Q: Our shop does a lot of welding-related repair on construction and farm equipment, as well as large steel castings and forgings primarily using flux-cored arc welding (FCAW) with CO2 shielding gas. However, these processes generate smoke and welding spatter. We tried using a gas metal arc welding (GMAW) filler metal with C25 shielding gas but experienced a lot of porosity. Any ideas as to why?
A: Based on the information you provided, we see several possible causes for the porosity you are experiencing.
Porosity occurs when nitrogen, oxygen, or hydrogen become trapped in the weld pool during solidification. Oxygen and nitrogen typically come from atmospheric contamination, while hydrogen comes from grease, oil paint, dirt, or water contamination.
Ineffective shielding gas coverage caused by flow rates that are too high or too low, hose leaks, air drafts, or holding the welding gun too far away from the weld joint can lead to porosity as well. Even a small amount of atmosphere mixed with the shielding gas in any of these scenarios can trigger it.
Porosity caused by hydrogen typically comes from welding on joints that were cleaned and prepared incorrectly. You should remove any surface contamination and then preheat to eliminate any moisture that may be present.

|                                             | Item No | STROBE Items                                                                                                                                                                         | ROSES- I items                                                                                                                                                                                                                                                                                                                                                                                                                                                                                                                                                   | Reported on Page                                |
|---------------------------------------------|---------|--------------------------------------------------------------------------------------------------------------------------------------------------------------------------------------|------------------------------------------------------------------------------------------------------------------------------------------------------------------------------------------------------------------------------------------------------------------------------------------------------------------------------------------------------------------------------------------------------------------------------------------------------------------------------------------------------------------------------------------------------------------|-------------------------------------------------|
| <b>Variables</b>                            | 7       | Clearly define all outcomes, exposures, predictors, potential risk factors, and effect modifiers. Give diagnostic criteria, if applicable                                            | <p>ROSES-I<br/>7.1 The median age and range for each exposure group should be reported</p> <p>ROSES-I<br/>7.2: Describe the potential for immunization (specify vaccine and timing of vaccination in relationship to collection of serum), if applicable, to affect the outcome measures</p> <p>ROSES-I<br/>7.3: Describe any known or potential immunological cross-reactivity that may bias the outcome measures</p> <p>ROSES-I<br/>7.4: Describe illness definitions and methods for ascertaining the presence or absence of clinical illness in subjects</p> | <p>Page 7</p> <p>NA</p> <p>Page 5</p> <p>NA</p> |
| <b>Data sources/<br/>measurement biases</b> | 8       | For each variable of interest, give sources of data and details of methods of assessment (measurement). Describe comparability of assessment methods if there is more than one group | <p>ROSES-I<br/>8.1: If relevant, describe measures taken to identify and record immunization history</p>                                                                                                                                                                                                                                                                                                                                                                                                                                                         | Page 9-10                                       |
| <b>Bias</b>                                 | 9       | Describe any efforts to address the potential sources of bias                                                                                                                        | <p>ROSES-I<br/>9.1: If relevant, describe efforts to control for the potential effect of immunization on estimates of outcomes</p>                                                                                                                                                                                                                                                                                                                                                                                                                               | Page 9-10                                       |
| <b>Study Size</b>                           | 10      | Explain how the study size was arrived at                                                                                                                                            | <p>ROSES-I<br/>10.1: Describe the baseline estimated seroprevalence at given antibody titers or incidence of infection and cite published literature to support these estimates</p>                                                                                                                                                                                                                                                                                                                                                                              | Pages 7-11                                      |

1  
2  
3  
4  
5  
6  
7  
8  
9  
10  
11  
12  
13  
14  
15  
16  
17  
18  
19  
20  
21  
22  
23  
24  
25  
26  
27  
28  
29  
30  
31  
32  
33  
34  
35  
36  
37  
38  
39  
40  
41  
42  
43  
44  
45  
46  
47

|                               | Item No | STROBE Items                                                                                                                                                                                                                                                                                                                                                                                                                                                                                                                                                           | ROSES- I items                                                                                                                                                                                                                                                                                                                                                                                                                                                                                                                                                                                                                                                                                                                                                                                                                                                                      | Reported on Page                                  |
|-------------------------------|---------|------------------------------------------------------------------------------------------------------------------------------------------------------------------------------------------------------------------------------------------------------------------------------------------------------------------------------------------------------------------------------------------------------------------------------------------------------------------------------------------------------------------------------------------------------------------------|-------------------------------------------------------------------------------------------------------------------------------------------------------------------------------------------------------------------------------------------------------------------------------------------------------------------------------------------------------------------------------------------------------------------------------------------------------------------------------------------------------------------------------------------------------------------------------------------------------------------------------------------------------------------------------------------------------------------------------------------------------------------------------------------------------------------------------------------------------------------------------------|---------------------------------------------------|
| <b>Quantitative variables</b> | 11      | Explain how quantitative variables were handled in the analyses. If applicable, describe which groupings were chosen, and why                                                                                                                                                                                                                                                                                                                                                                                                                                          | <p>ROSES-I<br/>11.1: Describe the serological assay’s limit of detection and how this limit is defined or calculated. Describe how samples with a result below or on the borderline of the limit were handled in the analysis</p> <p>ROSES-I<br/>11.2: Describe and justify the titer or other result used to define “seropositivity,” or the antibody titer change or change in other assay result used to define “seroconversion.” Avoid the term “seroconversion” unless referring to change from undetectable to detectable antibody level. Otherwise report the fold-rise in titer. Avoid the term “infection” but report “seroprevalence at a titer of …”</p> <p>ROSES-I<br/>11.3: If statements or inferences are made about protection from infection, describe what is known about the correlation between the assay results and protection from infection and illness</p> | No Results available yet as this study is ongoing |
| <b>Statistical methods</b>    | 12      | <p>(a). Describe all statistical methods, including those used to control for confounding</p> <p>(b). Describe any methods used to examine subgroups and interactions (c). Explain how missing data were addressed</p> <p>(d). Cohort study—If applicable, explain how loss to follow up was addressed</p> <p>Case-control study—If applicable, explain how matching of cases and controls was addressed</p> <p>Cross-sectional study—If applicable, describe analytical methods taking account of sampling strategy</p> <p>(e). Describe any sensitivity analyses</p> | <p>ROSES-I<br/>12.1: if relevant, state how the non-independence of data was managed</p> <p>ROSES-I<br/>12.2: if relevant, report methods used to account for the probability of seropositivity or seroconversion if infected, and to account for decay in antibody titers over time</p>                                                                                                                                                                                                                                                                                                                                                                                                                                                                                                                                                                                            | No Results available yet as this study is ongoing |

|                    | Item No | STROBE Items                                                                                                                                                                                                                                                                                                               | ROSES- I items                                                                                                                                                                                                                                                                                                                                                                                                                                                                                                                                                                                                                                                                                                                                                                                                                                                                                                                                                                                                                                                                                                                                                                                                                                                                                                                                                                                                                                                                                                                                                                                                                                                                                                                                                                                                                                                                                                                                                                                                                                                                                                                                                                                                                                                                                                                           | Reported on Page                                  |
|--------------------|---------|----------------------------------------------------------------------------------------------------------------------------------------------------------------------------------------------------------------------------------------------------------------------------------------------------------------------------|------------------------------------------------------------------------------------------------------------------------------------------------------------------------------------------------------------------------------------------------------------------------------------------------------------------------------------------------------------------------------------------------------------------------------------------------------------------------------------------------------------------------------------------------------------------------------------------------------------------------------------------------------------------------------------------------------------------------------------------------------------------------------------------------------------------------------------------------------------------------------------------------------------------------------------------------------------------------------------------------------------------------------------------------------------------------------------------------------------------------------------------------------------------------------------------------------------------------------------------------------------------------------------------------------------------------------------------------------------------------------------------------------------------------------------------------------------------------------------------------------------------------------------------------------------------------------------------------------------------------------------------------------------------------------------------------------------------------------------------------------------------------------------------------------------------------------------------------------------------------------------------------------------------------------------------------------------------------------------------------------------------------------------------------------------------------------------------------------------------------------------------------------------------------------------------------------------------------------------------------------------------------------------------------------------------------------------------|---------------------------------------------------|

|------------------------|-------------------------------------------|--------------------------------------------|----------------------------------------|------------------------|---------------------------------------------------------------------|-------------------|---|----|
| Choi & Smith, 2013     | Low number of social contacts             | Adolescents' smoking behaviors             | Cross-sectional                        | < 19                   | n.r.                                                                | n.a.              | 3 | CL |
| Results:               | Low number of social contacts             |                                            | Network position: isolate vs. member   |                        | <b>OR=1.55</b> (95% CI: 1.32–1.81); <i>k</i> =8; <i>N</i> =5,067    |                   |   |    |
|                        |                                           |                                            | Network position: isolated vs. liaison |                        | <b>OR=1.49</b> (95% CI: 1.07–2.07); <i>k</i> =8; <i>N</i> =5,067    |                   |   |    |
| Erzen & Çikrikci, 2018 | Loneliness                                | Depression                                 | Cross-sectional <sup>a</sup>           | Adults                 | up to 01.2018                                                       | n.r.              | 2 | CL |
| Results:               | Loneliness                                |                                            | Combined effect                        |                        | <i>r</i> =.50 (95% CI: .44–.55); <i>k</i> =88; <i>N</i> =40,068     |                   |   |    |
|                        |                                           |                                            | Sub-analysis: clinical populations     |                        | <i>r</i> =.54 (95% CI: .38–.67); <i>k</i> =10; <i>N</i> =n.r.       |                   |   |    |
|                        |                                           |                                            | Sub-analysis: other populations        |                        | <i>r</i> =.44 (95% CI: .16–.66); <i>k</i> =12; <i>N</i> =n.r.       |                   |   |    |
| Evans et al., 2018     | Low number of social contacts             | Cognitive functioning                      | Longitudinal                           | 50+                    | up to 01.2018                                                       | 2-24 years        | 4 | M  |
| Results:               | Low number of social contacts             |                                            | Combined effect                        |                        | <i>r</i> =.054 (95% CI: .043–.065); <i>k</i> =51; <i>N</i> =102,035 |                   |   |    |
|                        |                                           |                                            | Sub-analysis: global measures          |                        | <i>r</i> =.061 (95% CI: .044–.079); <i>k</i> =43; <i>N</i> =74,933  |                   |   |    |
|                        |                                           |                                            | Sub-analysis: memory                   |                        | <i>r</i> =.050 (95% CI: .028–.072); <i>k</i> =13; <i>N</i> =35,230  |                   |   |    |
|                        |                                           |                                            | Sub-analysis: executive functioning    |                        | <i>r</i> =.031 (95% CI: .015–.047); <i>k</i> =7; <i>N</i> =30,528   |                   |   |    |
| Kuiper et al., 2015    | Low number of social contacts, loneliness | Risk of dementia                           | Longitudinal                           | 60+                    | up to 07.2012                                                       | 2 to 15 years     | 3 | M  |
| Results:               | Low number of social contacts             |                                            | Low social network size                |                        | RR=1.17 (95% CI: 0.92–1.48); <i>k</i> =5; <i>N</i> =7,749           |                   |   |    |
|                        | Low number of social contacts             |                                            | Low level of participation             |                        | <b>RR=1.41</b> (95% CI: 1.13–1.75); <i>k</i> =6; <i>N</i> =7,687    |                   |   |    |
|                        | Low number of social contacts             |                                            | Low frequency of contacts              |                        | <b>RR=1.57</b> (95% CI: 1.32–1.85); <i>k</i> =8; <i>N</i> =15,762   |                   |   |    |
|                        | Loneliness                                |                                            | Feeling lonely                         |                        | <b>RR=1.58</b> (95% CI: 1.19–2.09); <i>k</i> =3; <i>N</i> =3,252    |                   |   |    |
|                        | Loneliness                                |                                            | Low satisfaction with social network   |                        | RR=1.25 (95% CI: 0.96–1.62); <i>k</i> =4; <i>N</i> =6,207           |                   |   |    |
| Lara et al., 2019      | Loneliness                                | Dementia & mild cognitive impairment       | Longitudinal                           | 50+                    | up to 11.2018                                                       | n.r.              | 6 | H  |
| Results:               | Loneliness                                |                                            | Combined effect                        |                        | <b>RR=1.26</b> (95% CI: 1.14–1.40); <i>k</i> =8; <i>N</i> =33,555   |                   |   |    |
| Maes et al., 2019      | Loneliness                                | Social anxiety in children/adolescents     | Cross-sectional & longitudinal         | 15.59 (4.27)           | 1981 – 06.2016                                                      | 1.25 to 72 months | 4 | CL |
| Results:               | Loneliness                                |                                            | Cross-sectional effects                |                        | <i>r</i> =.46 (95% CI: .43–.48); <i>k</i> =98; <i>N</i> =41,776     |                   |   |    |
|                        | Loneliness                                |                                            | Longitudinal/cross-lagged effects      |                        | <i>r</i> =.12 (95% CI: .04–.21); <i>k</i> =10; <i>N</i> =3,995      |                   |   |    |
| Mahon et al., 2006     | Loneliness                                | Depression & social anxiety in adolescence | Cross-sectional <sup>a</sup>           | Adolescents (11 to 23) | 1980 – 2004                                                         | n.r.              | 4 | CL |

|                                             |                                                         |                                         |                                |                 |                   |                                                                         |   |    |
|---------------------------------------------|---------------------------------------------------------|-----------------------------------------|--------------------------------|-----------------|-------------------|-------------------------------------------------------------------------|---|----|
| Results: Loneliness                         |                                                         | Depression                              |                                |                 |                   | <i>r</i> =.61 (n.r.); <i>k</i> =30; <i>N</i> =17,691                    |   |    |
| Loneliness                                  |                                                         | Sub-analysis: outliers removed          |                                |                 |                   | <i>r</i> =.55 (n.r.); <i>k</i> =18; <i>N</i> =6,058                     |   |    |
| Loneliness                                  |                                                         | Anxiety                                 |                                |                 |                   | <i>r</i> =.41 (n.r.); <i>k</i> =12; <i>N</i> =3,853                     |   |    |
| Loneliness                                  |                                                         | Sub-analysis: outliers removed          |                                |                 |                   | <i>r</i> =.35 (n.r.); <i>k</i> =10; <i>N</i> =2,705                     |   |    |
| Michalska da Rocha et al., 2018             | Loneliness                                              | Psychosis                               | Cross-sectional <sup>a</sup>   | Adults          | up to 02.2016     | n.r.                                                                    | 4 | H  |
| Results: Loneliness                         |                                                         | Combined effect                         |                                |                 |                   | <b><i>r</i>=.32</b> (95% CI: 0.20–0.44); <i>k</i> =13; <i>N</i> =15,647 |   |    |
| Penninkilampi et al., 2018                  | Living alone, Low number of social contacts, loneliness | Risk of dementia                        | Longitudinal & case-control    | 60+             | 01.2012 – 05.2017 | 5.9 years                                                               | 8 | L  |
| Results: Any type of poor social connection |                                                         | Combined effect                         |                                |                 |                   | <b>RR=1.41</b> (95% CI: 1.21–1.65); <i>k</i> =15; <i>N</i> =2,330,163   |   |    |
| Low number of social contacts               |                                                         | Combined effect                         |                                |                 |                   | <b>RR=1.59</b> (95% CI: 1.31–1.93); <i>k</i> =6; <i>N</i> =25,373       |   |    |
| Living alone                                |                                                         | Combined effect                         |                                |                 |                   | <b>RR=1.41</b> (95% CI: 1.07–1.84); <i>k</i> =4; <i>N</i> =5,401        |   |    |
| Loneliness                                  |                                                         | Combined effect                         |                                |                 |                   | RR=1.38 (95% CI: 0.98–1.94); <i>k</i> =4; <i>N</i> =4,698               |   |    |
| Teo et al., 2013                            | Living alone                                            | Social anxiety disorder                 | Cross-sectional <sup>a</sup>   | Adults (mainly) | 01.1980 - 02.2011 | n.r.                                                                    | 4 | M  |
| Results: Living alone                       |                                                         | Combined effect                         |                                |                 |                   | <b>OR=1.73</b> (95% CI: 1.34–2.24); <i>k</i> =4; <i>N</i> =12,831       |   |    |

Since you mentioned repair work, we suspect your GMAW porosity issues stem from a surface area that is not cleaned properly. Use soap and water or acetone to remove any visible contaminants, dry the surface, and grind or use a wire wheel on the surface.
Since you did not mention any porosity issues with your current process, it is possible the FCAW wire you use has a greater cleaning capability than the GMAW wire.
Depending upon their respective classifications, GMAW and FCAW may have similar or very different levels of manganese and silicon, common deoxidizing elements.
Deoxidizers in solid GMAW wires come solely from the steel used to make the wire. With FCAW wires, the deoxidizing elements come primarily from the wire’s core.
FCAW wires may be designed with core ingredients (both slag and deoxidation ingredients) specifically tailored to provide better porosity resistance. Slag cover resulting from FCAW contributes to porosity resistance by preventing absorption of atmospheric nitrogen through the molten weld metal surface.
As an active gas, 100% CO2 improves porosity resistance with FCAW because the high arc temperature causes the gas molecules to disassociate—or separate—allowing the controlled amount of oxygen to react with other elements. This traps impurities in the slag layer that are removed after welding.
A C25 shielding gas—which is 25% CO2 and 75% argon—does not provide as much cleaning action. Argon is an inert gas that provides no cleaning action of the weld puddle, although it displaces air from the weld joint.
A 100% CO2 shielding gas does tend to produce more smoke and spatter, but it also reduces the risk of porosity. You could incorporate vigorous preweld cleaning with the GMAW process, or you could invest in localized fume extraction and stick with FCAW.
A closer look at the costs (including rework) of mitigating spatter, porosity, and fume should help you to determine what is best for your shop.